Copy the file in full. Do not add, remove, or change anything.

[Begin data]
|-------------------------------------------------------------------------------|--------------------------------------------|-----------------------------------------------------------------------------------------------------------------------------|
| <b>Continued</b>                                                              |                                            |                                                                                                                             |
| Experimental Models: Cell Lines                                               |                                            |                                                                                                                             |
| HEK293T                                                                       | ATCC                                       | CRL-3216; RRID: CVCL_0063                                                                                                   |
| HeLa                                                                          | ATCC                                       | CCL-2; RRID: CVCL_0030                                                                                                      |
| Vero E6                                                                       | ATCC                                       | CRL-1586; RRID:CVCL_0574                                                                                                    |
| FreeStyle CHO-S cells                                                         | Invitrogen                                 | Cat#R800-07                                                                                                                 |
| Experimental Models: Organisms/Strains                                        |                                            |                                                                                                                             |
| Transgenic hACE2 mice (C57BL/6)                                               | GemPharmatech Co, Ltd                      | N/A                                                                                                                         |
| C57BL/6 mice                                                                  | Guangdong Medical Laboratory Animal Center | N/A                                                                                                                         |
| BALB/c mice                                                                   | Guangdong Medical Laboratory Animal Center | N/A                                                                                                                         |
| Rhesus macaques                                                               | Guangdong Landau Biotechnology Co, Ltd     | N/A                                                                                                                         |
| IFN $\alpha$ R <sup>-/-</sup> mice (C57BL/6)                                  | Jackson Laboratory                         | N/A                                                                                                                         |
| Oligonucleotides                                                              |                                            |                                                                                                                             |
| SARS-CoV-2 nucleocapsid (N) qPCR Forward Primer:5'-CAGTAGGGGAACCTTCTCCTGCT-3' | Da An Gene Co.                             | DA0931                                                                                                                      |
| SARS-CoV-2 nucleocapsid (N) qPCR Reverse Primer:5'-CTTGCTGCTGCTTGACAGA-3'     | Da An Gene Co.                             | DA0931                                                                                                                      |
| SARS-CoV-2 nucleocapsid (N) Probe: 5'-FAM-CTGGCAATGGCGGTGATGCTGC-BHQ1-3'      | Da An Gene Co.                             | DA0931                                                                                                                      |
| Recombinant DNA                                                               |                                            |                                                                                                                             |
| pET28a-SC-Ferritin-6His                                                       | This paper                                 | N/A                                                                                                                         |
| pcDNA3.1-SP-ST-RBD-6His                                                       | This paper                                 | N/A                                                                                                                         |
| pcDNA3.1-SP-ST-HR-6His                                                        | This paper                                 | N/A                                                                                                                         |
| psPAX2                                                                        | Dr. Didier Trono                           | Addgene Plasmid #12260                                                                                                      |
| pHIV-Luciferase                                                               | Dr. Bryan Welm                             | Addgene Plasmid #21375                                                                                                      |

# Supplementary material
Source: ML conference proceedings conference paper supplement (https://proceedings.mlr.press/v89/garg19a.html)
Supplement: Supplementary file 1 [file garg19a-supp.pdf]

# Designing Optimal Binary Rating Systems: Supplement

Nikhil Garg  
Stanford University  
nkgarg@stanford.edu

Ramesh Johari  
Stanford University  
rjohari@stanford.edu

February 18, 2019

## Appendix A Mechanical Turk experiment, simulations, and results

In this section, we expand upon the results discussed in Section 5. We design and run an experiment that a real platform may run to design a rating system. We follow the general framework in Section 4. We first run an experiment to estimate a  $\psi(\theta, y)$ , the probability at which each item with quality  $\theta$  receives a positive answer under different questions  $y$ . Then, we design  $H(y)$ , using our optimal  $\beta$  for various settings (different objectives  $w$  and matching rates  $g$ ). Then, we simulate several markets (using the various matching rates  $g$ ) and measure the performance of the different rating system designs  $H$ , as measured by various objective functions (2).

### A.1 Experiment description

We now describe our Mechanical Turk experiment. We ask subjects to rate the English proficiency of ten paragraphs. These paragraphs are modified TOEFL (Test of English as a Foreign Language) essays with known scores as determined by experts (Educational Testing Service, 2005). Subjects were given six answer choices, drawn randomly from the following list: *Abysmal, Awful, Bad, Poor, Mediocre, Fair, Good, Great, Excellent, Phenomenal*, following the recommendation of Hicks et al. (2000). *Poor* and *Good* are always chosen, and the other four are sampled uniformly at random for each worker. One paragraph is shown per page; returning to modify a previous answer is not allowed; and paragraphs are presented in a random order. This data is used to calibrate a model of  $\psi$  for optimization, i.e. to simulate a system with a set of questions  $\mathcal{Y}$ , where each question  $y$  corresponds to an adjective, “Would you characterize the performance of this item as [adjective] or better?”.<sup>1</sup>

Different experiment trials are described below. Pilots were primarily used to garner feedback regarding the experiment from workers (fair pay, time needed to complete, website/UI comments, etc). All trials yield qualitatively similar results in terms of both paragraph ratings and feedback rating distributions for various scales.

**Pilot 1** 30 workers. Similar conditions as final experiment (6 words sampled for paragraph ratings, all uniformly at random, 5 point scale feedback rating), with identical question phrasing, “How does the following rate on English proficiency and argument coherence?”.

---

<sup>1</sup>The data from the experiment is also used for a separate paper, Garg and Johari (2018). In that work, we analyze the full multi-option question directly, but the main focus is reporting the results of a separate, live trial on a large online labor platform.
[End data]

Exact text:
|-------------------------------------------------------------------------------|--------------------------------------------|-----------------------------------------------------------------------------------------------------------------------------|
| <b>Continued</b>                                                              |                                            |                                                                                                                             |
| Experimental Models: Cell Lines                                               |                                            |                                                                                                                             |
| HEK293T                                                                       | ATCC                                       | CRL-3216; RRID: CVCL_0063                                                                                                   |
| HeLa                                                                          | ATCC                                       | CCL-2; RRID: CVCL_0030                                                                                                      |
| Vero E6                                                                       | ATCC                                       | CRL-1586; RRID:CVCL_0574                                                                                                    |
| FreeStyle CHO-S cells                                                         | Invitrogen                                 | Cat#R800-07                                                                                                                 |
| Experimental Models: Organisms/Strains                                        |                                            |                                                                                                                             |
| Transgenic hACE2 mice (C57BL/6)                                               | GemPharmatech Co, Ltd                      | N/A                                                                                                                         |
| C57BL/6 mice                                                                  | Guangdong Medical Laboratory Animal Center | N/A                                                                                                                         |
| BALB/c mice                                                                   | Guangdong Medical Laboratory Animal Center | N/A                                                                                                                         |
| Rhesus macaques                                                               | Guangdong Landau Biotechnology Co, Ltd     | N/A                                                                                                                         |
| IFN $\alpha$ R <sup>-/-</sup> mice (C57BL/6)                                  | Jackson Laboratory                         | N/A                                                                                                                         |
| Oligonucleotides                                                              |                                            |                                                                                                                             |
| SARS-CoV-2 nucleocapsid (N) qPCR Forward Primer:5'-CAGTAGGGGAACCTTCTCCTGCT-3' | Da An Gene Co.                             | DA0931                                                                                                                      |
| SARS-CoV-2 nucleocapsid (N) qPCR Reverse Primer:5'-CTTGCTGCTGCTTGACAGA-3'     | Da An Gene Co.                             | DA0931                                                                                                                      |
| SARS-CoV-2 nucleocapsid (N) Probe: 5'-FAM-CTGGCAATGGCGGTGATGCTGC-BHQ1-3'      | Da An Gene Co.                             | DA0931                                                                                                                      |
| Recombinant DNA                                                               |                                            |                                                                                                                             |
| pET28a-SC-Ferritin-6His                                                       | This paper                                 | N/A                                                                                                                         |
| pcDNA3.1-SP-ST-RBD-6His                                                       | This paper                                 | N/A                                                                                                                         |
| pcDNA3.1-SP-ST-HR-6His                                                        | This paper                                 | N/A                                                                                                                         |
| psPAX2                                                                        | Dr. Didier Trono                           | Addgene Plasmid #12260                                                                                                      |
| pHIV-Luciferase                                                               | Dr. Bryan Welm                             | Addgene Plasmid #21375                                                                                                      |

# Supplementary material
Source: ML conference proceedings conference paper supplement (https://proceedings.mlr.press/v89/garg19a.html)
Supplement: Supplementary file 1 [file garg19a-supp.pdf]

# Designing Optimal Binary Rating Systems: Supplement

Nikhil Garg  
Stanford University  
nkgarg@stanford.edu

Ramesh Johari  
Stanford University  
rjohari@stanford.edu

February 18, 2019

## Appendix A Mechanical Turk experiment, simulations, and results

In this section, we expand upon the results discussed in Section 5. We design and run an experiment that a real platform may run to design a rating system. We follow the general framework in Section 4. We first run an experiment to estimate a  $\psi(\theta, y)$ , the probability at which each item with quality  $\theta$  receives a positive answer under different questions  $y$ . Then, we design  $H(y)$ , using our optimal  $\beta$  for various settings (different objectives  $w$  and matching rates  $g$ ). Then, we simulate several markets (using the various matching rates  $g$ ) and measure the performance of the different rating system designs  $H$ , as measured by various objective functions (2).

### A.1 Experiment description

We now describe our Mechanical Turk experiment. We ask subjects to rate the English proficiency of ten paragraphs. These paragraphs are modified TOEFL (Test of English as a Foreign Language) essays with known scores as determined by experts (Educational Testing Service, 2005). Subjects were given six answer choices, drawn randomly from the following list: *Abysmal, Awful, Bad, Poor, Mediocre, Fair, Good, Great, Excellent, Phenomenal*, following the recommendation of Hicks et al. (2000). *Poor* and *Good* are always chosen, and the other four are sampled uniformly at random for each worker. One paragraph is shown per page; returning to modify a previous answer is not allowed; and paragraphs are presented in a random order. This data is used to calibrate a model of  $\psi$  for optimization, i.e. to simulate a system with a set of questions  $\mathcal{Y}$ , where each question  $y$  corresponds to an adjective, “Would you characterize the performance of this item as [adjective] or better?”.<sup>1</sup>

Different experiment trials are described below. Pilots were primarily used to garner feedback regarding the experiment from workers (fair pay, time needed to complete, website/UI comments, etc). All trials yield qualitatively similar results in terms of both paragraph ratings and feedback rating distributions for various scales.

**Pilot 1** 30 workers. Similar conditions as final experiment (6 words sampled for paragraph ratings, all uniformly at random, 5 point scale feedback rating), with identical question phrasing, “How does the following rate on English proficiency and argument coherence?”.

---

<sup>1</sup>The data from the experiment is also used for a separate paper, Garg and Johari (2018). In that work, we analyze the full multi-option question directly, but the main focus is reporting the results of a separate, live trial on a large online labor platform.